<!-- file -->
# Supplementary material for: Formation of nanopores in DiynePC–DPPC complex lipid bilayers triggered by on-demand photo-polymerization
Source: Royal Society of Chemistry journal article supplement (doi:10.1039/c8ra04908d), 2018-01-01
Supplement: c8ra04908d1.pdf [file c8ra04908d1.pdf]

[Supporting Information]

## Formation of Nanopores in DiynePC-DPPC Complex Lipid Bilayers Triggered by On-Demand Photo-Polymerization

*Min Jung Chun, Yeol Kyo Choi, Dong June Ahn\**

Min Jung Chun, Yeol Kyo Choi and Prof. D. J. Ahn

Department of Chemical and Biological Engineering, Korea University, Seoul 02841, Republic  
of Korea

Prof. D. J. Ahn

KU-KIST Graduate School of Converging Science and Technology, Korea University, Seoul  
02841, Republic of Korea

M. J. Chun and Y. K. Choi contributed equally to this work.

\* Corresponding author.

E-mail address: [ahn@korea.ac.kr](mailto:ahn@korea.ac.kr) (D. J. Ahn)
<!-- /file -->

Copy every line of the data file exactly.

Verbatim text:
# Supplementary material for: Formation of nanopores in DiynePC–DPPC complex lipid bilayers triggered by on-demand photo-polymerization
Source: Royal Society of Chemistry journal article supplement (doi:10.1039/c8ra04908d), 2018-01-01
Supplement: c8ra04908d1.pdf [file c8ra04908d1.pdf]

[Supporting Information]

## Formation of Nanopores in DiynePC-DPPC Complex Lipid Bilayers Triggered by On-Demand Photo-Polymerization

*Min Jung Chun, Yeol Kyo Choi, Dong June Ahn\**

Min Jung Chun, Yeol Kyo Choi and Prof. D. J. Ahn

Department of Chemical and Biological Engineering, Korea University, Seoul 02841, Republic  
of Korea

Prof. D. J. Ahn

KU-KIST Graduate School of Converging Science and Technology, Korea University, Seoul  
02841, Republic of Korea

M. J. Chun and Y. K. Choi contributed equally to this work.

\* Corresponding author.

E-mail address: [ahn@korea.ac.kr](mailto:ahn@korea.ac.kr) (D. J. Ahn)